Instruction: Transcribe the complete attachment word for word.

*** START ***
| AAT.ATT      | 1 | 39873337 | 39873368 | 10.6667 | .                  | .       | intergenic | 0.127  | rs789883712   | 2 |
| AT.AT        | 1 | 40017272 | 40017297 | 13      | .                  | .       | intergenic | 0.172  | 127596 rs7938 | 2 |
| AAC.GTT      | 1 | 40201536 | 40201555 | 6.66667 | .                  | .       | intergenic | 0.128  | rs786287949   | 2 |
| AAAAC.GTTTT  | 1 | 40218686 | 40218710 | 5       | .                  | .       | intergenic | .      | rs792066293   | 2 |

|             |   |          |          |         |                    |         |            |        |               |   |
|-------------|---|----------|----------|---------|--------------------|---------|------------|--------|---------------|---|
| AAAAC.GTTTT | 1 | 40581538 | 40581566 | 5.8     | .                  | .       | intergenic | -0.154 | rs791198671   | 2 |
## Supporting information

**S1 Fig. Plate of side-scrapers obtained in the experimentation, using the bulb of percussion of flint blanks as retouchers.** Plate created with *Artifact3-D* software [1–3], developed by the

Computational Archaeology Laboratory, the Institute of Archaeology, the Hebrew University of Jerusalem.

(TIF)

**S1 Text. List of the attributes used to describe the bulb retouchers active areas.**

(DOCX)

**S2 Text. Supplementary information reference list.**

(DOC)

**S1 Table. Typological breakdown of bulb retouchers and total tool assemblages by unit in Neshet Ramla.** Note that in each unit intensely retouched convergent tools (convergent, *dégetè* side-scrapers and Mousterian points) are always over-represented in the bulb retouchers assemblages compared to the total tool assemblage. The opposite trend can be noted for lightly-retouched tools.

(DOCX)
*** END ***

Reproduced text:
| AAT.ATT      | 1 | 39873337 | 39873368 | 10.6667 | .                  | .       | intergenic | 0.127  | rs789883712   | 2 |
| AT.AT        | 1 | 40017272 | 40017297 | 13      | .                  | .       | intergenic | 0.172  | 127596 rs7938 | 2 |
| AAC.GTT      | 1 | 40201536 | 40201555 | 6.66667 | .                  | .       | intergenic | 0.128  | rs786287949   | 2 |
| AAAAC.GTTTT  | 1 | 40218686 | 40218710 | 5       | .                  | .       | intergenic | .      | rs792066293   | 2 |

|             |   |          |          |         |                    |         |            |        |               |   |
|-------------|---|----------|----------|---------|--------------------|---------|------------|--------|---------------|---|
| AAAAC.GTTTT | 1 | 40581538 | 40581566 | 5.8     | .                  | .       | intergenic | -0.154 | rs791198671   | 2 |
## Supporting information

**S1 Fig. Plate of side-scrapers obtained in the experimentation, using the bulb of percussion of flint blanks as retouchers.** Plate created with *Artifact3-D* software [1–3], developed by the

Computational Archaeology Laboratory, the Institute of Archaeology, the Hebrew University of Jerusalem.

(TIF)

**S1 Text. List of the attributes used to describe the bulb retouchers active areas.**

(DOCX)

**S2 Text. Supplementary information reference list.**

(DOC)

**S1 Table. Typological breakdown of bulb retouchers and total tool assemblages by unit in Neshet Ramla.** Note that in each unit intensely retouched convergent tools (convergent, *dégetè* side-scrapers and Mousterian points) are always over-represented in the bulb retouchers assemblages compared to the total tool assemblage. The opposite trend can be noted for lightly-retouched tools.

(DOCX)